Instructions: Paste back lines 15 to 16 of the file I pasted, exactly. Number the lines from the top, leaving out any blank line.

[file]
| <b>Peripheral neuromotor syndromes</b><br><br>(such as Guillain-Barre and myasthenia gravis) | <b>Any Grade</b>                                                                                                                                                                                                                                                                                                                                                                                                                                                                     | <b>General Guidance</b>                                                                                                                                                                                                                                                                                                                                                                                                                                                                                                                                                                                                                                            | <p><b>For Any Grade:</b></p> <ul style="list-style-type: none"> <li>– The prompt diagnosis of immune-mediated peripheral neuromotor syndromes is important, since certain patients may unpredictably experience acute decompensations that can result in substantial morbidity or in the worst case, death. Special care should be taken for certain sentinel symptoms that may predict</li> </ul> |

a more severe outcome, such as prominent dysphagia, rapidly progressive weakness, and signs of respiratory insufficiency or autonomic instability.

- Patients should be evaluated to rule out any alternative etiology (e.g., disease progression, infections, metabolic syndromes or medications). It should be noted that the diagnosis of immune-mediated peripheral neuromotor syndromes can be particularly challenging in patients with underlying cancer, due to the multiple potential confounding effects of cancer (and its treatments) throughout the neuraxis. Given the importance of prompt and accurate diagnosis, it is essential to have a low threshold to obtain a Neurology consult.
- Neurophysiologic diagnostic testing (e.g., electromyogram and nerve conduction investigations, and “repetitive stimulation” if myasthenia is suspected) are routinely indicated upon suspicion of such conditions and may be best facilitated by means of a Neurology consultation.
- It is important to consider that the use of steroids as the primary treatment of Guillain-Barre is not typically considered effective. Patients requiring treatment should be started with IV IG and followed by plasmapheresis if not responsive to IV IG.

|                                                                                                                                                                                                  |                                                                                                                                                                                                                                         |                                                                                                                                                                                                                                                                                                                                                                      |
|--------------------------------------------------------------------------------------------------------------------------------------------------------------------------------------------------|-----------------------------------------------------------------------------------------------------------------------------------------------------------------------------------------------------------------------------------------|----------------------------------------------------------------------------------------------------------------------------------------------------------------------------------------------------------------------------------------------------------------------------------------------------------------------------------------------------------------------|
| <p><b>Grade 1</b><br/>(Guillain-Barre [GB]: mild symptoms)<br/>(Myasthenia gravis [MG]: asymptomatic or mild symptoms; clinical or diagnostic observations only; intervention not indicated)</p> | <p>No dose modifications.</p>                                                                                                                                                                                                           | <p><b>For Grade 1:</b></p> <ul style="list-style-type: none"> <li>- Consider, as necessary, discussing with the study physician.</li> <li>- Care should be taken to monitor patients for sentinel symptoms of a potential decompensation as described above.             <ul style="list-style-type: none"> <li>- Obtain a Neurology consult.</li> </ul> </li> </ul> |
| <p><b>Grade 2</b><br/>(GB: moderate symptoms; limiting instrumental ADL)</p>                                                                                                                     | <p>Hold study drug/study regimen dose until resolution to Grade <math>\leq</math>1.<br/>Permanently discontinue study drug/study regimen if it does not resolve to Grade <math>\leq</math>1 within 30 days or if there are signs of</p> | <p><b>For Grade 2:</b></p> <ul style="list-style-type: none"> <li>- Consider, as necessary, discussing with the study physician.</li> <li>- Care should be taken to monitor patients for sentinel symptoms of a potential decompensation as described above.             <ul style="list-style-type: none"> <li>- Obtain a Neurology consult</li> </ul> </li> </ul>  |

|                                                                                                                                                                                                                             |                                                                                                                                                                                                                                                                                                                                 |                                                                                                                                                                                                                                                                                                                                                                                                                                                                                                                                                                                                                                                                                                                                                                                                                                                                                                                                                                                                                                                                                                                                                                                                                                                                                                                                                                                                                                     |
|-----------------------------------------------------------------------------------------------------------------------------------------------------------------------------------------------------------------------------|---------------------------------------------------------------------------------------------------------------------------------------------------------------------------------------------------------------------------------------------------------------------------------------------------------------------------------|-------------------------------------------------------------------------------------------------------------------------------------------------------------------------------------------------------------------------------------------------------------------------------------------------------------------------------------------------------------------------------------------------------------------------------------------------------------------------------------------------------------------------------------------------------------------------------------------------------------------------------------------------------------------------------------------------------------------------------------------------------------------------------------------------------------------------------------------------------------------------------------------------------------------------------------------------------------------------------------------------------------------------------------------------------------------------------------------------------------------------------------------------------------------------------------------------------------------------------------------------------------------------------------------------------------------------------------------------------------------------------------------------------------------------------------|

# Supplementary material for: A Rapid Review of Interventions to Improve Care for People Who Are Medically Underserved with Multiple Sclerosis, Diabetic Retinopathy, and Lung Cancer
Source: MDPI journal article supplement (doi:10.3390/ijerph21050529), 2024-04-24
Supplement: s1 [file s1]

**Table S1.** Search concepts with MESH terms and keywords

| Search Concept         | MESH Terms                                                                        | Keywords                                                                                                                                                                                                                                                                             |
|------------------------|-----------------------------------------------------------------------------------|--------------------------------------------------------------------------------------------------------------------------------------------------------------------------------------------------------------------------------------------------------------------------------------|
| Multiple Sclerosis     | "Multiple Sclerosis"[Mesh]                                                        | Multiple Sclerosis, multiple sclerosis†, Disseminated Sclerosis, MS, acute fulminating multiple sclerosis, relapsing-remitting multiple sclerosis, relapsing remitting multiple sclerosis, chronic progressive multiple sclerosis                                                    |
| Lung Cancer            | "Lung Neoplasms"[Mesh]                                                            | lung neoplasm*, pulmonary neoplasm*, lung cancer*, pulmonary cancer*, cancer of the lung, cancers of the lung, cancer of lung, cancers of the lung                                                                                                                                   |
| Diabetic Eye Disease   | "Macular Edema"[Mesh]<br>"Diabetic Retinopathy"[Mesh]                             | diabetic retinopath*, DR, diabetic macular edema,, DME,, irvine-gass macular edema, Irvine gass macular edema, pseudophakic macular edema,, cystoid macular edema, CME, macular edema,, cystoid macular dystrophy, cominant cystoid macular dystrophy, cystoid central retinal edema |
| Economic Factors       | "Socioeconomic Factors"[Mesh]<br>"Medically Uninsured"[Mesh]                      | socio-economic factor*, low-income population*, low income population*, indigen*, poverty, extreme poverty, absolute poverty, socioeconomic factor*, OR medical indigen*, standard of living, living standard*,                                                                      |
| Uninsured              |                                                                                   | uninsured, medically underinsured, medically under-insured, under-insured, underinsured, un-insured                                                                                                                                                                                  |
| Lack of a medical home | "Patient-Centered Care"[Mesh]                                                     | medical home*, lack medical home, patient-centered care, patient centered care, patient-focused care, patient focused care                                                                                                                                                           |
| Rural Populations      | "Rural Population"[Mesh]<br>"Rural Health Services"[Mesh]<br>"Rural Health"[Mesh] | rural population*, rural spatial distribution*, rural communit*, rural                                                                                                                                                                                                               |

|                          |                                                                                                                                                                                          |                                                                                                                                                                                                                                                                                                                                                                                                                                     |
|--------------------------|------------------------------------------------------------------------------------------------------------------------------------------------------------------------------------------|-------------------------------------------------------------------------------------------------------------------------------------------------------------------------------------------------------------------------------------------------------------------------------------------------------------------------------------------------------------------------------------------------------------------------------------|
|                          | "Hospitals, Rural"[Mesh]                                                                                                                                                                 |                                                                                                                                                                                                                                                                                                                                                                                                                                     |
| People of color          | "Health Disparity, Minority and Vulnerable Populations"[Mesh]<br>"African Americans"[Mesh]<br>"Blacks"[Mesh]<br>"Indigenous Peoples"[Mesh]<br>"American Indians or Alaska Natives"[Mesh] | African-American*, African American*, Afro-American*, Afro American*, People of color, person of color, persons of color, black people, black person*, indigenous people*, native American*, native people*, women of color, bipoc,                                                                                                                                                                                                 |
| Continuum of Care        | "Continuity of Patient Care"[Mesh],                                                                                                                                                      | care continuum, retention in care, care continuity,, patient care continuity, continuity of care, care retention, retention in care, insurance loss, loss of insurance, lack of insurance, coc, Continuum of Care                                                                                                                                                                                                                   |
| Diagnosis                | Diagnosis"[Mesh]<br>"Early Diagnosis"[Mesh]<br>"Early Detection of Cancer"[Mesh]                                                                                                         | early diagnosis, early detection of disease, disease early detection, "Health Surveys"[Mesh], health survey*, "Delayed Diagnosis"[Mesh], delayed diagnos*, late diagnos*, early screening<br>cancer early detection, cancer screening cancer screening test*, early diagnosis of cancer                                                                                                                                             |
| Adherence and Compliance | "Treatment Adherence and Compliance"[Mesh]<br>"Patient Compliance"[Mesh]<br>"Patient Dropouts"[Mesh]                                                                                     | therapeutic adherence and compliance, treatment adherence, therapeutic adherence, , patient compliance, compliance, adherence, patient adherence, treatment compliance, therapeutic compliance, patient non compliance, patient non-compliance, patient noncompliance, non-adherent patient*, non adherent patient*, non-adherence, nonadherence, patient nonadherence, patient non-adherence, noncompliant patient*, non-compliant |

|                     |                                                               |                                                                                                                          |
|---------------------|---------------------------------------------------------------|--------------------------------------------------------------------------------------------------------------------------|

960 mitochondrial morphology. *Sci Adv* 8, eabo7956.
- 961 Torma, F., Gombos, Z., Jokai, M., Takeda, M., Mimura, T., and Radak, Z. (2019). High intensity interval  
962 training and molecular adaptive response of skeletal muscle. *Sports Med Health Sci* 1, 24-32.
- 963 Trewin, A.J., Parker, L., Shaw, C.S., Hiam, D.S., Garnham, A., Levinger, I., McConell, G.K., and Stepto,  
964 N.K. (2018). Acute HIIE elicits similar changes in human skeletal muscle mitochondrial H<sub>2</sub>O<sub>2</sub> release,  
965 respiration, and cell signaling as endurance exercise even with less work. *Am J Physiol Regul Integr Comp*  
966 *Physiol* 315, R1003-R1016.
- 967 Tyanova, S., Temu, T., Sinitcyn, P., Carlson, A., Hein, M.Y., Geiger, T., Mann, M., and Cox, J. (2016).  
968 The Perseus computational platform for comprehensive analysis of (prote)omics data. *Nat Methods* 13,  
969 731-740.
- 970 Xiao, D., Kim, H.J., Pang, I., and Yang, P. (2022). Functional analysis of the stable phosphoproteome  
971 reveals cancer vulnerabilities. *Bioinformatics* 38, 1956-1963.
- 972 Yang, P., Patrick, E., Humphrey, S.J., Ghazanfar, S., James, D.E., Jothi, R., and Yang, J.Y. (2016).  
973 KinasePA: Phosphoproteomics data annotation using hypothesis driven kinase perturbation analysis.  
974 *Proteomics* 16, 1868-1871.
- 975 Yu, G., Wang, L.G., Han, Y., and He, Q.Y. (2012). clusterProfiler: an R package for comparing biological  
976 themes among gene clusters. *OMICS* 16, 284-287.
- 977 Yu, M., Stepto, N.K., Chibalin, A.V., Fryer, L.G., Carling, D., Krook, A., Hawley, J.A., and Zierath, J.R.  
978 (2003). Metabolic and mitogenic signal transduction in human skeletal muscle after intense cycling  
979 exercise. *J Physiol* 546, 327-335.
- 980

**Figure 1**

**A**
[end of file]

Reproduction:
**Table S1.** Search concepts with MESH terms and keywords

| Search Concept         | MESH Terms                                                                        | Keywords                                                                                                                                                                                                                                                                             |